Rachel:

To them, the ancient Greek motif was too austere for our team. We’re a fun-loving, expressive, creative bunch. To our focus groups, the gravitas of the Greek thing was stuffy. It felt cloistered, uptight, almost dark.

Gardiner:

Despite how disappointing this news was, it was actually a compliment. Our partners and clients were saying that we’re just too much fun to work with to be represented by something so … serious.

So you scrapped that logo concept?

Rachel:

We did. We went back to the drawing board. And keep in mind, this was about five months into the brand relaunch project. We knew that scrapping this concept would set us back a couple of months (or so). But it was something we had to do.

Gardiner:

Luckily, the drawing board wasn’t empty. There were still some of my original pitches there. And while the Greek idea was our internal favorite, another option wasn’t far behind. The focus group said we were fun, so we turned to the fun option: Our hero logo — the one you see here:

Rachel:

The hero isn’t super; the hero is mighty. The hero doesn’t rely on magical powers to get stuff done. The hero uses brains and strength to help save the world.

Gardiner:

I was inspired by the mid-century graphics popularized by the Works Progress Administration. Bold, blocky, powerful — a strong silhouette that can be reproduced in all sorts of ways and anywhere.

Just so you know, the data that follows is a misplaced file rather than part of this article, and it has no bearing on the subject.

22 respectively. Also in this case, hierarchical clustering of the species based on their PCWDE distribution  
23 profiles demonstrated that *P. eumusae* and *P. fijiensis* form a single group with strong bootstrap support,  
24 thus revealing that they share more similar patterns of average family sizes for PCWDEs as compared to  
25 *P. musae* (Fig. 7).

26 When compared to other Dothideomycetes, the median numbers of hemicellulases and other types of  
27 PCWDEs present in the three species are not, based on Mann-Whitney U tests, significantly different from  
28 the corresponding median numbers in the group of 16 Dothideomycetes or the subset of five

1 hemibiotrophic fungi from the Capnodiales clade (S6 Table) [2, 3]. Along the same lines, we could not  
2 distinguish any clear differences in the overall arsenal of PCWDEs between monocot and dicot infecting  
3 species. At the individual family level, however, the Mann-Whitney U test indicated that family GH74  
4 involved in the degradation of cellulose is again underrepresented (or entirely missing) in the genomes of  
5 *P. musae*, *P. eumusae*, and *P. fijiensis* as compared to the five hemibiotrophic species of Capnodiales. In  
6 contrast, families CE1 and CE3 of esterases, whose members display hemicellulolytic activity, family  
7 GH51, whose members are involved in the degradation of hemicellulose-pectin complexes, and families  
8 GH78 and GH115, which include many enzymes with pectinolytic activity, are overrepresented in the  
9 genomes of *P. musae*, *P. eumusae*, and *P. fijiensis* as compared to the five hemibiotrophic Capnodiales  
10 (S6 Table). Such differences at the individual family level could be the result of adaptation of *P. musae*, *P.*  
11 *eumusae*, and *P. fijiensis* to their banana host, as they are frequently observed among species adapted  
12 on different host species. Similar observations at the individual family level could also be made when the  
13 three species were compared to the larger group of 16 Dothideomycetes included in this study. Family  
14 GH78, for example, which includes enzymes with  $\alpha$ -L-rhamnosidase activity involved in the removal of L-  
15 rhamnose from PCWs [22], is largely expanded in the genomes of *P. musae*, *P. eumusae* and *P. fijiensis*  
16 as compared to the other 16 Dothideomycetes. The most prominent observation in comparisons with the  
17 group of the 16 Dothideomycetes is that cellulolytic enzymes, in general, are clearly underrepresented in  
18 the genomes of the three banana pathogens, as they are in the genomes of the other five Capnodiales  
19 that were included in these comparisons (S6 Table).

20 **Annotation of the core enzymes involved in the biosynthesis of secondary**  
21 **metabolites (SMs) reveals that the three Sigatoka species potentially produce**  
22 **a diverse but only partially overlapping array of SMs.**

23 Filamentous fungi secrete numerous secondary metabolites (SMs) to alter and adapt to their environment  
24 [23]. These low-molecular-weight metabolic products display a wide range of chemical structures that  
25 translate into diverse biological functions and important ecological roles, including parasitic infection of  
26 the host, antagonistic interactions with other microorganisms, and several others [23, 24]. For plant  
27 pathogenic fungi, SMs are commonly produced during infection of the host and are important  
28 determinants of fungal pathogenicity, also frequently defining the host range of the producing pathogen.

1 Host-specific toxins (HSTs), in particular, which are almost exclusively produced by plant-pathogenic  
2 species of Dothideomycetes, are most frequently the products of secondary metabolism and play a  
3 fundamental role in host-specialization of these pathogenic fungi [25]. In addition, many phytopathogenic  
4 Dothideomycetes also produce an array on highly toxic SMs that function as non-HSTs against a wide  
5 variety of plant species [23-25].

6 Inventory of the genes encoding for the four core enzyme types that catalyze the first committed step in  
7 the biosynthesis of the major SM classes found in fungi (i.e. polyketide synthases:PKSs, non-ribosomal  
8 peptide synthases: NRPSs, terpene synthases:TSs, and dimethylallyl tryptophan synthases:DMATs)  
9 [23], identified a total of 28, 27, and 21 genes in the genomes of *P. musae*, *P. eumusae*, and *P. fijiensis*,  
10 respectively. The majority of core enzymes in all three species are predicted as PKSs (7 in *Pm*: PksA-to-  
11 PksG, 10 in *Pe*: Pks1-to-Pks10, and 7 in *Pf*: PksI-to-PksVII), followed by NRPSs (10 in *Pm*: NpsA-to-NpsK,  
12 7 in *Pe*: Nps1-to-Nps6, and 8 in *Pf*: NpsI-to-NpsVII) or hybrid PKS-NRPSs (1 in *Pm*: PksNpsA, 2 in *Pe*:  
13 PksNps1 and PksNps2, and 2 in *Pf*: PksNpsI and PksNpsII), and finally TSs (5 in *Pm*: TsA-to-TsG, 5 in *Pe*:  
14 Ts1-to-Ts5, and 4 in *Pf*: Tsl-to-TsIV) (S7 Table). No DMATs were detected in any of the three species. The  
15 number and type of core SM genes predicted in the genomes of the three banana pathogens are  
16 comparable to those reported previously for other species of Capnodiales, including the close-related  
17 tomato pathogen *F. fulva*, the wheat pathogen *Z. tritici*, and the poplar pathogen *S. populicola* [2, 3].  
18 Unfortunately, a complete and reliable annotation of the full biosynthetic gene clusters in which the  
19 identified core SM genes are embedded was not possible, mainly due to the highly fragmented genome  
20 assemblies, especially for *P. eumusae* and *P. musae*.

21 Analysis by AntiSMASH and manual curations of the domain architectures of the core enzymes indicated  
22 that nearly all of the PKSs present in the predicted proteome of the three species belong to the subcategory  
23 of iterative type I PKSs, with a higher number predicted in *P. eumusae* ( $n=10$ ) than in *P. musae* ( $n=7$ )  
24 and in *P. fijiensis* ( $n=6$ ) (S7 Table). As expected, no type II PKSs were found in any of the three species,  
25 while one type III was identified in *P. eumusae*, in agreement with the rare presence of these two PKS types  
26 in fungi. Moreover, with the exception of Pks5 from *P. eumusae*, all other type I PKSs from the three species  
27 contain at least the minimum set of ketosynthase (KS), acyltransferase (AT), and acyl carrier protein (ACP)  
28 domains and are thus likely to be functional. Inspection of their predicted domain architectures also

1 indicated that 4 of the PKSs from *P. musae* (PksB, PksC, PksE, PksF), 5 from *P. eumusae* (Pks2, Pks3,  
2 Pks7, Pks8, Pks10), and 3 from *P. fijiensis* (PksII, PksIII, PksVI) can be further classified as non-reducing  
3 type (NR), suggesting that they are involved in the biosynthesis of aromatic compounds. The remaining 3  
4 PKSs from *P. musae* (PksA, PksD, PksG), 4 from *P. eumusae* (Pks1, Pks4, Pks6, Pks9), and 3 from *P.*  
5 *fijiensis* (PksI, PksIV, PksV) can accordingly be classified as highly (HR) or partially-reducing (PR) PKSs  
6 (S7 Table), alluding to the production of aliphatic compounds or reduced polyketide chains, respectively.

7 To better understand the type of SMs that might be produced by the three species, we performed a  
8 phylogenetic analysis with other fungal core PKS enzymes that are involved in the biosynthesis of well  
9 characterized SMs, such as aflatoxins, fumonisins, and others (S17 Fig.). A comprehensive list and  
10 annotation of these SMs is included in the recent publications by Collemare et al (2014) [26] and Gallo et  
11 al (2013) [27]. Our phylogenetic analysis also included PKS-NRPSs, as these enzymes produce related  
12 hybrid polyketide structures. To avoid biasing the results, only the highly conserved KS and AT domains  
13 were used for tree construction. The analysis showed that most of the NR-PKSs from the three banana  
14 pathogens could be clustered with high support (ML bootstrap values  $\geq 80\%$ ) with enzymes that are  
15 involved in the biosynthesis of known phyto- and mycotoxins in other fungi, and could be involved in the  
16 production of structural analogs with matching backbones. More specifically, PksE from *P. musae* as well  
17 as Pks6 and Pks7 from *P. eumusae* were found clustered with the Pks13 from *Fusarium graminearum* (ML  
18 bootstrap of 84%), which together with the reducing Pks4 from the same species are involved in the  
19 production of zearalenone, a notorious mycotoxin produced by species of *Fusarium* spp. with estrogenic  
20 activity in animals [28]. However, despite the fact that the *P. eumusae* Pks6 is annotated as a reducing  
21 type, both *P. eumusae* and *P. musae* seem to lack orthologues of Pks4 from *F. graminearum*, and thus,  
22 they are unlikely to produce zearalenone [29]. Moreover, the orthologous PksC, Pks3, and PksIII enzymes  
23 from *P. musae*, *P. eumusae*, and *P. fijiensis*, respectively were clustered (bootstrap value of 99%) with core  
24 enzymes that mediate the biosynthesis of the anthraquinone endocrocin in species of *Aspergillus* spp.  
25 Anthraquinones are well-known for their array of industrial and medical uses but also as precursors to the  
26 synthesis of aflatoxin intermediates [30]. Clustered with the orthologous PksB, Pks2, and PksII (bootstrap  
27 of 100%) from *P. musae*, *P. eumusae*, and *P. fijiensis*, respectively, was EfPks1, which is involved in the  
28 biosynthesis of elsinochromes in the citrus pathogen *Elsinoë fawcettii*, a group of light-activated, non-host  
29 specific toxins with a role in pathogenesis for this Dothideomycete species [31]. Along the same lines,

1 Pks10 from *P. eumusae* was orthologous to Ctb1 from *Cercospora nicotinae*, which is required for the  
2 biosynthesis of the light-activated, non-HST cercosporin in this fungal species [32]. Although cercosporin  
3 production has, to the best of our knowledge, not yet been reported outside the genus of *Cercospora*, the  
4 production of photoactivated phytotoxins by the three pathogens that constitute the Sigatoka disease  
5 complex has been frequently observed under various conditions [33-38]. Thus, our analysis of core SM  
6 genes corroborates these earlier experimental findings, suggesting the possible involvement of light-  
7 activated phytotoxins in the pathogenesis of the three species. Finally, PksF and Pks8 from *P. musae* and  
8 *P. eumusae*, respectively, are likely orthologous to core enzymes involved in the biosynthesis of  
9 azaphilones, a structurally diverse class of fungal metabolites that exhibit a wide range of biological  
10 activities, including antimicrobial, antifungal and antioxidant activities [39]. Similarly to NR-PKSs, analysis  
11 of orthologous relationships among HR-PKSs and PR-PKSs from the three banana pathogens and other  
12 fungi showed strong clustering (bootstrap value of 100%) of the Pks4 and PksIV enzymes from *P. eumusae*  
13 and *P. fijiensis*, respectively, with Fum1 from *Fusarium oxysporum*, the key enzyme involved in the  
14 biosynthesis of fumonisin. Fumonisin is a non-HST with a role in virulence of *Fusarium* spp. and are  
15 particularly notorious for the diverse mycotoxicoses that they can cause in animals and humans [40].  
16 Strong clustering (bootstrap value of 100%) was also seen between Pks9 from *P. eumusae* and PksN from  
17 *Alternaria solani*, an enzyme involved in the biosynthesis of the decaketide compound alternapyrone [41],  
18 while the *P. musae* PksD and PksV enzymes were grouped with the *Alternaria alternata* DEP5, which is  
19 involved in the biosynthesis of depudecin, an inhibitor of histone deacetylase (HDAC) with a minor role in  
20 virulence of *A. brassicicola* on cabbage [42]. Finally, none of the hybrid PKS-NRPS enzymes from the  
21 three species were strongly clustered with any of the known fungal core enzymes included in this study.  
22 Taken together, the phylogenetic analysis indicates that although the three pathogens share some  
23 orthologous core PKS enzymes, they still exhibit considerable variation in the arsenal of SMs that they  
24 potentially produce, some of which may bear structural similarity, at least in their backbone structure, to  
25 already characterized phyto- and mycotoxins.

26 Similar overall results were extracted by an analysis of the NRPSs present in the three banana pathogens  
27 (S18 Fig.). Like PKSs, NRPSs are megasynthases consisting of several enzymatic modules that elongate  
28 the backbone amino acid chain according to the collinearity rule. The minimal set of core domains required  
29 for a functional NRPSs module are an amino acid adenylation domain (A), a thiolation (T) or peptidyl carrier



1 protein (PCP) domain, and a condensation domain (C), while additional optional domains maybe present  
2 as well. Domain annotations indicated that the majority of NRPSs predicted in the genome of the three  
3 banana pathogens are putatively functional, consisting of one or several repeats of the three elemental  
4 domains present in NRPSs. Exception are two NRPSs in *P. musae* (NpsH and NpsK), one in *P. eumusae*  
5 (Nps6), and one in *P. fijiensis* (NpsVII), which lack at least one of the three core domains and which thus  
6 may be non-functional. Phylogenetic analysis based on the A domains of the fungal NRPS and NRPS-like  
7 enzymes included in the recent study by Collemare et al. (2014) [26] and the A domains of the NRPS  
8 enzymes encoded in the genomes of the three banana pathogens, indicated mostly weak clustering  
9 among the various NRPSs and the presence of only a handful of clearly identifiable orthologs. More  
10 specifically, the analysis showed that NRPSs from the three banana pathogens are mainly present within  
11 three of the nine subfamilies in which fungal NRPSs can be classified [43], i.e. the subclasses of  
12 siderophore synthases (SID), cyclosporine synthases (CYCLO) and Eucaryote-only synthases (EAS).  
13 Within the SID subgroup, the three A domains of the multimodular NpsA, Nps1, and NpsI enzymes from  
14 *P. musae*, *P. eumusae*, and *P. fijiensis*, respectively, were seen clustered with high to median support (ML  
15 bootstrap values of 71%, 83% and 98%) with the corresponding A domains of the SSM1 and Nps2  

Rachel:

Soon, you’ll see our caped crusader everywhere. We’re going to paint her across the front of our offices. She’ll be tucked into every corner of our deliverables — our business cards, our free tools and training, everywhere.

Gardiner:

Really, this logo is our clients. They do mighty acts every day.

What came next?

Rachel:

Then it was just a heads-down sprint toward our launch date. There’s so very much to do to completely shift a 19-year-old brand. We had to audit our current brand — i.e., identify every place, offline and online, where the name “TradeMark Media” appeared. And after 19 years, that’s a lot of hunting.

We have a list a mile-long, which we’ve spent the last few months checking off, item by item. There were legal considerations — like getting our trademark (!!!) secured and changing all sorts of behind-the-scenes documents. The signage on the building, our email signatures, new staff photos and bios, email templates, etc.

Websites are living things … they’re never set in concrete.”